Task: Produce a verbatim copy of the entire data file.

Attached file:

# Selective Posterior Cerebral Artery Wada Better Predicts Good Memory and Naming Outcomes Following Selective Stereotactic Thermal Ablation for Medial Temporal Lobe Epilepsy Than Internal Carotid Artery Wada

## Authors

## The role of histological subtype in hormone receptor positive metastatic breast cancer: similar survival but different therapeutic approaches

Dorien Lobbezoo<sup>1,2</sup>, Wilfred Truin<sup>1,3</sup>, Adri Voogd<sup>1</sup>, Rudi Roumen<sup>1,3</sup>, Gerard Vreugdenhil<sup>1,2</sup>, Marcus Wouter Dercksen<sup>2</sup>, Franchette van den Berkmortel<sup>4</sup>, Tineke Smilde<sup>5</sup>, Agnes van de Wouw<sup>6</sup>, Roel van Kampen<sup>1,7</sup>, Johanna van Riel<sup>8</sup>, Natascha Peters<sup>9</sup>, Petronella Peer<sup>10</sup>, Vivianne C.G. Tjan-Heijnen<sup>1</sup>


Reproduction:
# Selective Posterior Cerebral Artery Wada Better Predicts Good Memory and Naming Outcomes Following Selective Stereotactic Thermal Ablation for Medial Temporal Lobe Epilepsy Than Internal Carotid Artery Wada

## Authors

## The role of histological subtype in hormone receptor positive metastatic breast cancer: similar survival but different therapeutic approaches

Dorien Lobbezoo<sup>1,2</sup>, Wilfred Truin<sup>1,3</sup>, Adri Voogd<sup>1</sup>, Rudi Roumen<sup>1,3</sup>, Gerard Vreugdenhil<sup>1,2</sup>, Marcus Wouter Dercksen<sup>2</sup>, Franchette van den Berkmortel<sup>4</sup>, Tineke Smilde<sup>5</sup>, Agnes van de Wouw<sup>6</sup>, Roel van Kampen<sup>1,7</sup>, Johanna van Riel<sup>8</sup>, Natascha Peters<sup>9</sup>, Petronella Peer<sup>10</sup>, Vivianne C.G. Tjan-Heijnen<sup>1</sup>